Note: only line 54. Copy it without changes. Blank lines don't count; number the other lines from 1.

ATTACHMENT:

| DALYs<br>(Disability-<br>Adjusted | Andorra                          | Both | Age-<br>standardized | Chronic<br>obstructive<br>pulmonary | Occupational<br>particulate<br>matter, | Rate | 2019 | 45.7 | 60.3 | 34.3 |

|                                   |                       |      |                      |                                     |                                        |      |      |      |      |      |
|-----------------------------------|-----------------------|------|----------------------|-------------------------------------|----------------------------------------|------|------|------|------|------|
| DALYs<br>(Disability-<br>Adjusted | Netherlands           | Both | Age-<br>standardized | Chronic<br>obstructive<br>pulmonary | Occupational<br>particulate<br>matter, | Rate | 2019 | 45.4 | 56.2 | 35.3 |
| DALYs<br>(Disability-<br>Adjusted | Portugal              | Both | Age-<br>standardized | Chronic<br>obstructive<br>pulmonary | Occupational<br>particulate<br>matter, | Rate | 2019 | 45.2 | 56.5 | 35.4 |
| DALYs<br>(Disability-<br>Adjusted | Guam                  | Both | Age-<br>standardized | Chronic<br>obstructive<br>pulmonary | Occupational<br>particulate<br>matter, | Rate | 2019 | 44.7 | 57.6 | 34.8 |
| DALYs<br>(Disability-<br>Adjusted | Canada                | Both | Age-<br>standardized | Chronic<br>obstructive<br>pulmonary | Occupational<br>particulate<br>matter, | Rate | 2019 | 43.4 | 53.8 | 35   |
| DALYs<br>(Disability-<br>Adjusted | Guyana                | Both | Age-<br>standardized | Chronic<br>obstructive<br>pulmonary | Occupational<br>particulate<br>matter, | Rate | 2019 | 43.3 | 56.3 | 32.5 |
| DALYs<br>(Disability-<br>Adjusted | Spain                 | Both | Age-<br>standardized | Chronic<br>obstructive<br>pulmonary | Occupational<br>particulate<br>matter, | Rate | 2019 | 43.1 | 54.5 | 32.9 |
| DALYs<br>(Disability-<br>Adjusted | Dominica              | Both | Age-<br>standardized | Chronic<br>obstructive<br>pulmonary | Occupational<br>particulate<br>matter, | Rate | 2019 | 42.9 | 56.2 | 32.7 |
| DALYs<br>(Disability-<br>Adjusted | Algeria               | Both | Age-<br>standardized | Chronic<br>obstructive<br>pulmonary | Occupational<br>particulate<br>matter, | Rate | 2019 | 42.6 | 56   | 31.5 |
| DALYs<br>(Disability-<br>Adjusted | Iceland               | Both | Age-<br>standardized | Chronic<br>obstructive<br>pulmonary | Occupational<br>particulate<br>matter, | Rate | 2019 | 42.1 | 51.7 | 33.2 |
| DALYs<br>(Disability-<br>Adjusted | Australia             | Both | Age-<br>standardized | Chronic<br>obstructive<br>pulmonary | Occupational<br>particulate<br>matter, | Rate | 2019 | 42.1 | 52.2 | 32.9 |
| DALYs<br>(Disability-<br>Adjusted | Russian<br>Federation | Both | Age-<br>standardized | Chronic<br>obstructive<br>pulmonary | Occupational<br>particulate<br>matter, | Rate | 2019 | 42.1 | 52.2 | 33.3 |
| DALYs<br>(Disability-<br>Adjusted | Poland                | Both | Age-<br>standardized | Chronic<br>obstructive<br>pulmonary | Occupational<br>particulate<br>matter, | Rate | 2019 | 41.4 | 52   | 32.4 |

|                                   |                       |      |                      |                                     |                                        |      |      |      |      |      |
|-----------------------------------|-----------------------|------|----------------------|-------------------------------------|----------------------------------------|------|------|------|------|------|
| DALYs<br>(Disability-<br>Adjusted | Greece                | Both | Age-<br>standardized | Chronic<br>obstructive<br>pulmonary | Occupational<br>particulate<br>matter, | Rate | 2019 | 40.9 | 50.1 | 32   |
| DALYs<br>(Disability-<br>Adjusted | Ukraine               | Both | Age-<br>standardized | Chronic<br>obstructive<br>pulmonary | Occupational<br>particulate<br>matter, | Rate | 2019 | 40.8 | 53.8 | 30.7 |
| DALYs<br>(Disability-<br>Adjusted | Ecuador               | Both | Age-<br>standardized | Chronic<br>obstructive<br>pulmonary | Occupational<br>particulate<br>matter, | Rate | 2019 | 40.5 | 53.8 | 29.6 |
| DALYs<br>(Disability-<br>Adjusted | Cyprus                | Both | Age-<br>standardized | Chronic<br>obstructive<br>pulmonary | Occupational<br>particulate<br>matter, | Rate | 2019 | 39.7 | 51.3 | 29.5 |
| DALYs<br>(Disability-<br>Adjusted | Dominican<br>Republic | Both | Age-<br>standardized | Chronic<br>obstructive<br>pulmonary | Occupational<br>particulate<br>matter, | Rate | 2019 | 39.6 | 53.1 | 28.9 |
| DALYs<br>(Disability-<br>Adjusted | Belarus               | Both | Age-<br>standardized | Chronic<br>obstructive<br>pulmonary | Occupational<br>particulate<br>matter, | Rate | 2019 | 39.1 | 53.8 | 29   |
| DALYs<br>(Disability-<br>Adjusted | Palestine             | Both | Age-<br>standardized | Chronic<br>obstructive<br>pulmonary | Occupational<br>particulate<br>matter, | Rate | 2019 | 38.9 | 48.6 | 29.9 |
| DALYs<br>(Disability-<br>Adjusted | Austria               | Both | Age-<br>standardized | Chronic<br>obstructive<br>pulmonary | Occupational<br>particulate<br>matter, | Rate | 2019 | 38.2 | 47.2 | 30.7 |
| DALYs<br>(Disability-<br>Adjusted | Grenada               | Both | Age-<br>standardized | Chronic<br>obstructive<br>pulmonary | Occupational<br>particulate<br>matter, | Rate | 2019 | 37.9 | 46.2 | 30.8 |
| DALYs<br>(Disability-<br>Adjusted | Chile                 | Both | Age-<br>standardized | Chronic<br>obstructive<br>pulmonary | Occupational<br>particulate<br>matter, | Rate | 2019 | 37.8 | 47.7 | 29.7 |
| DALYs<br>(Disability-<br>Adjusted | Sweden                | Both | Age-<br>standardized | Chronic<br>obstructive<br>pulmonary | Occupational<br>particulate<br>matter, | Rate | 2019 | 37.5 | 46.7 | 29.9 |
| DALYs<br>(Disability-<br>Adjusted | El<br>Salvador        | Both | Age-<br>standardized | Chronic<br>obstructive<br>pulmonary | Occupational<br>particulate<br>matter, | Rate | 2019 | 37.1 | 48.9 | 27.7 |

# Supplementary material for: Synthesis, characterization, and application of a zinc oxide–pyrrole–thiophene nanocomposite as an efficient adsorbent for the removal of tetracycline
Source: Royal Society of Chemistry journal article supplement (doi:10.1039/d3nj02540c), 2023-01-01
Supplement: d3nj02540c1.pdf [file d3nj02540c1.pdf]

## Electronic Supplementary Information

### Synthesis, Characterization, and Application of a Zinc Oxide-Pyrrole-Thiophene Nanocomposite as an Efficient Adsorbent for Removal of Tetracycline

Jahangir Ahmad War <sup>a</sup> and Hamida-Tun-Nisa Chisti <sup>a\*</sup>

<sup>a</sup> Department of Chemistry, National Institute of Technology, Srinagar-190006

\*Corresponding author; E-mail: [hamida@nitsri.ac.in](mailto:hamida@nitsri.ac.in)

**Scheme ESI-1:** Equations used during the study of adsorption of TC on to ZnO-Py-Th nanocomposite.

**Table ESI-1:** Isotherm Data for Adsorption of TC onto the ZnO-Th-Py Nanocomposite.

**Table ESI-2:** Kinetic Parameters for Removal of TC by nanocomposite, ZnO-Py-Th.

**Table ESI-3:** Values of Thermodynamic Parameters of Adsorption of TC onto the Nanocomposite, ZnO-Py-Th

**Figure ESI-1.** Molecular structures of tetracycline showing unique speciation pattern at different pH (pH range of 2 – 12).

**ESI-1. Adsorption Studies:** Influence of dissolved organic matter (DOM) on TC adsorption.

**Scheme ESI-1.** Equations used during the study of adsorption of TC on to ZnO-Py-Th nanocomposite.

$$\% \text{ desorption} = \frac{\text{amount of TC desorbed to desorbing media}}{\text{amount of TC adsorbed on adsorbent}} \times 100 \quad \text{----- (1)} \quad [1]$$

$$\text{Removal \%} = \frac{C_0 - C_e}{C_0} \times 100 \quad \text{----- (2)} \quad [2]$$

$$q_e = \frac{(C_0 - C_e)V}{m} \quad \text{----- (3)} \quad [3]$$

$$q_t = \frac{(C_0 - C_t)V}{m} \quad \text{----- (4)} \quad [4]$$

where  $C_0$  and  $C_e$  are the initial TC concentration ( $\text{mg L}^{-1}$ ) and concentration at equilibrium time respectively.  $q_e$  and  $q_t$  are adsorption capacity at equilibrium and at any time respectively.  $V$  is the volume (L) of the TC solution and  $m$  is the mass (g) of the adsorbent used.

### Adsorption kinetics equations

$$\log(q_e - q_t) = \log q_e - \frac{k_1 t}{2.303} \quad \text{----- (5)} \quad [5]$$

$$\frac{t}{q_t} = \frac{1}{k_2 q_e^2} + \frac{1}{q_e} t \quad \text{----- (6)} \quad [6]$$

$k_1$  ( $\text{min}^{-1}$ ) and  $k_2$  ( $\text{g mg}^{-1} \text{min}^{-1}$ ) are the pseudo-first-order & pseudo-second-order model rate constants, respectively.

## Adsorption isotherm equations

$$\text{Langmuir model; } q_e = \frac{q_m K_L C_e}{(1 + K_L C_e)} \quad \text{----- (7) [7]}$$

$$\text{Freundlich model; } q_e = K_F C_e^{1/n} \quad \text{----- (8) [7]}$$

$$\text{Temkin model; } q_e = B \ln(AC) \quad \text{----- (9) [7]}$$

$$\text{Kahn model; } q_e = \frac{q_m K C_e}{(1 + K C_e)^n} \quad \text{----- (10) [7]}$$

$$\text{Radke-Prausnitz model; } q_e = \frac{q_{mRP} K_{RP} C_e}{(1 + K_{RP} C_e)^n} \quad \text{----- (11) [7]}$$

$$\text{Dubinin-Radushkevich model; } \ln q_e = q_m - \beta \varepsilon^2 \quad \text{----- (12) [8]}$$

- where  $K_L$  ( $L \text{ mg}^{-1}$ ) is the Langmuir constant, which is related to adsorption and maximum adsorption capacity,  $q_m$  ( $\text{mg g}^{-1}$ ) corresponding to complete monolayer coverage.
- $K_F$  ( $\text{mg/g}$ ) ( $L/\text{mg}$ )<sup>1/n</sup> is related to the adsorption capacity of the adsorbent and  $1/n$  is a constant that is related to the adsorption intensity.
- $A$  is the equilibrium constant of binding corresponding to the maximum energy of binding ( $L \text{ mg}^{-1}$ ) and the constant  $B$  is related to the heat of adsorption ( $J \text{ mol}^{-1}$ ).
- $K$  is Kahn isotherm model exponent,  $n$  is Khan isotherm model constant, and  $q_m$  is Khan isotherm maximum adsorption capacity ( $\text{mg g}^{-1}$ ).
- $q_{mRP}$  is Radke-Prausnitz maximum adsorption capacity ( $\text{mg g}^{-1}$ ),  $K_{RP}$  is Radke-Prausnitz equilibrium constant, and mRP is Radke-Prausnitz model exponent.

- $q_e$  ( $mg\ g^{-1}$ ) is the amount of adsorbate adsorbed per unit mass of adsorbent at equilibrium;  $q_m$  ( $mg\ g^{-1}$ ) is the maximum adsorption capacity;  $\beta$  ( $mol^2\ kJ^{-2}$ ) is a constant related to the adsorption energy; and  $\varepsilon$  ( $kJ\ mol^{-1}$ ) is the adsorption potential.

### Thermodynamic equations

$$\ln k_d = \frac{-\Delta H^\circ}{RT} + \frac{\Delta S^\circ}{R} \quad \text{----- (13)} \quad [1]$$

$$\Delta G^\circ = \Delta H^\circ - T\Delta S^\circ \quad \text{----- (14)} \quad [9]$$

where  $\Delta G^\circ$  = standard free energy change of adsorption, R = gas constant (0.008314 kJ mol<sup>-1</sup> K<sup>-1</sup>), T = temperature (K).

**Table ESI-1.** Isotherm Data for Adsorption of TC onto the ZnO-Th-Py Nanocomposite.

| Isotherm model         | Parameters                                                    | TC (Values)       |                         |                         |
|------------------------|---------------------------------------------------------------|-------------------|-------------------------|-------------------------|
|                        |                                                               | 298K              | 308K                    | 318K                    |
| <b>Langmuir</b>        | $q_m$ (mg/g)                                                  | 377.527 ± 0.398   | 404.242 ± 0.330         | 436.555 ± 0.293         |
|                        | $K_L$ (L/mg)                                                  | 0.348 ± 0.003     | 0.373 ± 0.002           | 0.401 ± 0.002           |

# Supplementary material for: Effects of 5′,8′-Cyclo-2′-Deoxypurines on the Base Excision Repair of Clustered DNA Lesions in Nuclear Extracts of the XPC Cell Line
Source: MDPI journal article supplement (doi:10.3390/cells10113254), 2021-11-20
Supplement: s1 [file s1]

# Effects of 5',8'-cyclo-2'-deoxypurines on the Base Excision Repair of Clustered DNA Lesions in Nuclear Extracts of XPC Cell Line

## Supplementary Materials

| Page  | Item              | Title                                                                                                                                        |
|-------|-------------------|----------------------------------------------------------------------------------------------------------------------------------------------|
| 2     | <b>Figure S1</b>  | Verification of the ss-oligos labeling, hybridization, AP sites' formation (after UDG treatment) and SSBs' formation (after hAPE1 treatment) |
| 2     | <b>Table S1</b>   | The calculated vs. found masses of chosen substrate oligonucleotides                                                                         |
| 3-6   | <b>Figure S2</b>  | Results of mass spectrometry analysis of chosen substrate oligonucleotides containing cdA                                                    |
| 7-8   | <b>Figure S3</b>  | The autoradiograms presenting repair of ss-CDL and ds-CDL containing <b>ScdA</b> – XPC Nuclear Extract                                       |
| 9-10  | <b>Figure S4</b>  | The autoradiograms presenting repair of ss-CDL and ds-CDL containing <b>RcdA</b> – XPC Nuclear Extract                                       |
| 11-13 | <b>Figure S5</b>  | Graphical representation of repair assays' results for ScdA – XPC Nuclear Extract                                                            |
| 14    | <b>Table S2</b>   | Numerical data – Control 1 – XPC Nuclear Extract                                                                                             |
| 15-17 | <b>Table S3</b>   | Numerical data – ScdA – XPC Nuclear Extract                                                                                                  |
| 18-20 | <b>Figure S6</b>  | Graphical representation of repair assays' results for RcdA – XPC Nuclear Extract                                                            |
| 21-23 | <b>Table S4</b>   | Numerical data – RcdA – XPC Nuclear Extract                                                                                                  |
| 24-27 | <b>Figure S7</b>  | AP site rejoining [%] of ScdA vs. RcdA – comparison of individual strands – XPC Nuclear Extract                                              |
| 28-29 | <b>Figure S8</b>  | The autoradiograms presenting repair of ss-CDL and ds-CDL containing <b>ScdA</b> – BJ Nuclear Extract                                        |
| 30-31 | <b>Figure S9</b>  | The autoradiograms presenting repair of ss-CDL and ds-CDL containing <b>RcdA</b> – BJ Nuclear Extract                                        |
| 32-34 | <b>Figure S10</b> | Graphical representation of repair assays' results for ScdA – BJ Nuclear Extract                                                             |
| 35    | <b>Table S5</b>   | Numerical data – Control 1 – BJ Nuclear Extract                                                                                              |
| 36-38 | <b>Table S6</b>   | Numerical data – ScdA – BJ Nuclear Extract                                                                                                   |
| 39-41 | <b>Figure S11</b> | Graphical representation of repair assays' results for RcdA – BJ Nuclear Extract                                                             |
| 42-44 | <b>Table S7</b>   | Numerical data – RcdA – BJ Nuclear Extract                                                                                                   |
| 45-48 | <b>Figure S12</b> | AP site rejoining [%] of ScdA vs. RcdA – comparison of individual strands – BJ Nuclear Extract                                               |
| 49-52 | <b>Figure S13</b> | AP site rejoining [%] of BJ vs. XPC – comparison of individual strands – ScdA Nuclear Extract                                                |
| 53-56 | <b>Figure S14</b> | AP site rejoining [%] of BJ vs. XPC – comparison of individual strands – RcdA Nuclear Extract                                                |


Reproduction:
## Adsorption isotherm equations